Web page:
Getting a new mindset takes practice. And discipline, which has never been my strong suit. Since the calendar is silent today, I am taking this opportunity for an update on “How is that year of not buying anything new going?” And I’m realizing that a mind is a terrible thing to get stuck.
The other day, I could not find my pedometer. My first thought? Well, I can always buy a new one; they’re not too expensive. My next thought–oops. No, I can’t. Rewind. Try again. Isn’t that the way so much of our immediate gratification American mind works? I don’t have what I need/want. (Usually it’s the latter. Do I need a pedometer?) But the nearest store is only . . . well, it’s at my fingertips as I type this, because I bought my last two pedometers online. And I can buy anything I desire there again, pretty much, and probably at the one-stop super virtual store, Amazon. With one-click shopping.
But when I can’t . . . I don’t know what to do. Let’s face it, most of us raised post-1950 and up really don’t know what to do if we can’t just buy our way out of a situation. No, I don’t mean like a parking ticket situation; I mean like a “what am I going to wear to my next speaking engagement?” or “what is my child going to do to replace her torn school folder?” situation. I had not truly realized, because I had not experienced, how much the American mind has to do a complete rewire when “buying stuff” is not an option. Yes, I’ve seen it, as on our mission trip to China, but I’ve never felt it. And that, my friends, is an entirely different level. Not a bad one to be on, from where I’m standing right now.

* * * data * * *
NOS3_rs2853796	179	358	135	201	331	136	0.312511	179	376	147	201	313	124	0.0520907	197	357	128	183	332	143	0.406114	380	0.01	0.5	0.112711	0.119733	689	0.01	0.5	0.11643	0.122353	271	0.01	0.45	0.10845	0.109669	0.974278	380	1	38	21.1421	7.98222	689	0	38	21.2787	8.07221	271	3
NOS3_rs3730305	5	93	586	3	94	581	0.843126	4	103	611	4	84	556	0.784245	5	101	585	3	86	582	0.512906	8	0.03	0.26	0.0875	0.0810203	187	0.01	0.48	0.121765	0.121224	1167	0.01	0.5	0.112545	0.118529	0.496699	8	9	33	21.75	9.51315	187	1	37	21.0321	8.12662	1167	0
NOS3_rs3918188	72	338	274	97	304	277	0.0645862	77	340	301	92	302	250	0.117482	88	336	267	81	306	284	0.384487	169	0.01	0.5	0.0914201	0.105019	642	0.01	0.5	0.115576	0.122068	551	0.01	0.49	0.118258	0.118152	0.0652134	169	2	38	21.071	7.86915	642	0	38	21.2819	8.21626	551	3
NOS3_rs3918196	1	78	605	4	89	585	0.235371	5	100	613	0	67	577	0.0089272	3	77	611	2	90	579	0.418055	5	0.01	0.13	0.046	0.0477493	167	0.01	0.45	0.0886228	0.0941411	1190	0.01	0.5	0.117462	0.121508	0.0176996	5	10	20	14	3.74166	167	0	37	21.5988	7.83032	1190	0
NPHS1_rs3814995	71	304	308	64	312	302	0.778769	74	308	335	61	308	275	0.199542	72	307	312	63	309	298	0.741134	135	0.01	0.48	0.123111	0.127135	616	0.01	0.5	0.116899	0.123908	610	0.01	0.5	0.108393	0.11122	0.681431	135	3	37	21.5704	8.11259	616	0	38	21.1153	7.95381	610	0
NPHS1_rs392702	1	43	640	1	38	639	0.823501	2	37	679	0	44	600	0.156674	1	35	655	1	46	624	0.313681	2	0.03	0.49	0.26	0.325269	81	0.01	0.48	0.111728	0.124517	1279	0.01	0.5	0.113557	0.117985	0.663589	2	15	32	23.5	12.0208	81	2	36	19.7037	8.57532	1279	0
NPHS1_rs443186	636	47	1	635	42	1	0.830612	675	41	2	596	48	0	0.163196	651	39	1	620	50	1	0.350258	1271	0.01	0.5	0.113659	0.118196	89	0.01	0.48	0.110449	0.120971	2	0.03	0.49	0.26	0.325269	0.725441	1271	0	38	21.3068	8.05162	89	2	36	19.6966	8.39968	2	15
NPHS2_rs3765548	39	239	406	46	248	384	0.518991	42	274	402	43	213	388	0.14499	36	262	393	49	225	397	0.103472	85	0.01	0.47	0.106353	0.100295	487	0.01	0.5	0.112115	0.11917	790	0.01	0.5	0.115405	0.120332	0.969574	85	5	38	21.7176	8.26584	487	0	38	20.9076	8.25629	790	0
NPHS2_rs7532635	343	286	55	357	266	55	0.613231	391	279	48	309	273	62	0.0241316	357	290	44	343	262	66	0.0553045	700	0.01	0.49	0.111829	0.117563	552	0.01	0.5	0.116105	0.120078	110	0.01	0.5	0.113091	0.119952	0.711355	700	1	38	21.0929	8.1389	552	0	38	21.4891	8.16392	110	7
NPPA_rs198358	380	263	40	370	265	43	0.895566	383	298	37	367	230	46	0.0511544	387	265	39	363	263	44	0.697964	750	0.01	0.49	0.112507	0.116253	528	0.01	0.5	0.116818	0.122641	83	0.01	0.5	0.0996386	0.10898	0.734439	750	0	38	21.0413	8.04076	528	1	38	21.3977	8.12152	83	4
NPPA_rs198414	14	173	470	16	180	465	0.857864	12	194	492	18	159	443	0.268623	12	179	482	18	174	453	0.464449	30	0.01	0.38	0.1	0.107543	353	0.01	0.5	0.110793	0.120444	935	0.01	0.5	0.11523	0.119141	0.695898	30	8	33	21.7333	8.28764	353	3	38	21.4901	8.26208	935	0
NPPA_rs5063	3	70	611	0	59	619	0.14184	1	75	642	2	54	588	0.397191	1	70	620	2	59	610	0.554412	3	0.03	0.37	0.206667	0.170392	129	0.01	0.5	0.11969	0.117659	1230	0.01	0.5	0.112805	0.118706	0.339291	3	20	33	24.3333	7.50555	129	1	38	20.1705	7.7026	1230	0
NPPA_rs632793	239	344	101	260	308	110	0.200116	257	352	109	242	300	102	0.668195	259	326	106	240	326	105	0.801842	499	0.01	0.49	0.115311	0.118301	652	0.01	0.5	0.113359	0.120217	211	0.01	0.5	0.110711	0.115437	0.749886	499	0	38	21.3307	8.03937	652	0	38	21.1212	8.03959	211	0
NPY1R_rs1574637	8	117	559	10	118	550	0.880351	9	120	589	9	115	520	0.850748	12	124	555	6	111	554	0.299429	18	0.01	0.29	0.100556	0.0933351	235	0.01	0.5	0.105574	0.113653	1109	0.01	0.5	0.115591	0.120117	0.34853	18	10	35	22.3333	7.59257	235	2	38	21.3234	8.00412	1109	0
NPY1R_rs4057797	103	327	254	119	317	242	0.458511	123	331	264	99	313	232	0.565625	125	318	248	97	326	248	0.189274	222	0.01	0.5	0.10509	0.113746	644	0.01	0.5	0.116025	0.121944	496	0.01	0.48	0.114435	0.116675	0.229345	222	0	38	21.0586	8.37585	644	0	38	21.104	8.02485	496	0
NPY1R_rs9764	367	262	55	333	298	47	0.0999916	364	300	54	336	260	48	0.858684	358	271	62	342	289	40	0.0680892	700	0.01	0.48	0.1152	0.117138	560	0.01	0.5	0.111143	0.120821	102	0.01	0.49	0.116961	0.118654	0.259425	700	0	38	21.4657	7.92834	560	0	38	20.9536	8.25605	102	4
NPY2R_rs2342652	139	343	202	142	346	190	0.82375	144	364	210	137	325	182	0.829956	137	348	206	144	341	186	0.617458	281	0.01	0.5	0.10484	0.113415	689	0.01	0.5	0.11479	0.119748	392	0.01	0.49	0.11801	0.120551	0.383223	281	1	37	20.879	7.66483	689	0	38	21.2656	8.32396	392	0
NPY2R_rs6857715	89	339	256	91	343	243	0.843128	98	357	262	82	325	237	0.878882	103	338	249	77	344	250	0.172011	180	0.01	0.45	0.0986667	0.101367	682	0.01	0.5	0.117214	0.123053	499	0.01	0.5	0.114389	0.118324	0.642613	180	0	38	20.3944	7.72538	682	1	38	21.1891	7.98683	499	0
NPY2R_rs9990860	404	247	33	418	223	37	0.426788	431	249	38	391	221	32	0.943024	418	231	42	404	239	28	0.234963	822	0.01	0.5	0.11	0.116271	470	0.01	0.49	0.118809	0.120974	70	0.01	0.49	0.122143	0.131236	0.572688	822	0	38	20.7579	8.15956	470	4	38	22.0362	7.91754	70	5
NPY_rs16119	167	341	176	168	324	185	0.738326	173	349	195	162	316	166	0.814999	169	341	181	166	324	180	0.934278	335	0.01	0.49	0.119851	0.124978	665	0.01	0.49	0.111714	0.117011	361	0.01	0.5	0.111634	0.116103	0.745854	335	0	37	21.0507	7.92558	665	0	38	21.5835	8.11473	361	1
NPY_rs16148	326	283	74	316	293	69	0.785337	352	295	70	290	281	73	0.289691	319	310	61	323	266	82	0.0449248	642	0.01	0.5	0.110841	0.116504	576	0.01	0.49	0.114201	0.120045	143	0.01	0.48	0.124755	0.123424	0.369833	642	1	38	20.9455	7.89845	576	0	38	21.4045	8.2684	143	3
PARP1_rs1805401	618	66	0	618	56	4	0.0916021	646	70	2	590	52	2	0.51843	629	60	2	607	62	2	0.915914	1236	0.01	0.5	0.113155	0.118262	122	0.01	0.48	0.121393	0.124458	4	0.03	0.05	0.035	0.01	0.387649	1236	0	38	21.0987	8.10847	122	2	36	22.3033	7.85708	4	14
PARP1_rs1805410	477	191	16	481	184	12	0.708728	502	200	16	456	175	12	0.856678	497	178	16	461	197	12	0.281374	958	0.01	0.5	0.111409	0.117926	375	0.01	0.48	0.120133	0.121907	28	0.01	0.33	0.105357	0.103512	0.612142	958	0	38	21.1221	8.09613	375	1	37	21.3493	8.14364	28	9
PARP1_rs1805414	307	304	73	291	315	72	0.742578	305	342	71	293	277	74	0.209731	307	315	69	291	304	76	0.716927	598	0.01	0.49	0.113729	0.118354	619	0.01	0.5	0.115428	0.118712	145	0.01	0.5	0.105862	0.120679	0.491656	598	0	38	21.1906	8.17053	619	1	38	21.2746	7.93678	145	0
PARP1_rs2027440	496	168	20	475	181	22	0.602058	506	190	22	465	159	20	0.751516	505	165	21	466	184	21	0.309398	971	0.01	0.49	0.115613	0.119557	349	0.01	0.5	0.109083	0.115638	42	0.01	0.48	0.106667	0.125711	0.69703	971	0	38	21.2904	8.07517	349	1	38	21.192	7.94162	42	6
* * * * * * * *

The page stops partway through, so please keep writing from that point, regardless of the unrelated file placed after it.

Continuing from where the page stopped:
Second, I have discovered a great freedom. When I go into a store, I know I don’t even have to waste any time perusing the clothes racks, or household appliances, or electronics. I head for the food or toiletries, and that’s it. If I’m in a shopping center, or passing by a store that I may have gone in “just to look” previously, I can stroll right by anyplace that doesn’t have lettuce or laundry detergent as one of its main ingredients.
Have you any idea how freeing that is? I never knew. There is absolutely no pressure from others, or curiosity from me, to stop and spend an idle fifteen minutes that turns into a “wow, where did that hour go?” I am completely free to reach only the objective for which I started out and go home to spend my time with things I truly do enjoy more. Like scrubbing toilets. Well, maybe not. But things like talking to my kids rather than running errands with them. Brainstorming with them how to replace a lost wallet and then making one together. We did that when they were little and we were poor. But now? Not so much.
So thus far? Harder than I thought. Better than I thought. Both good things. And by the way, my child repaired her folder with multi-colored duct tape. She now has the coolest folder in class.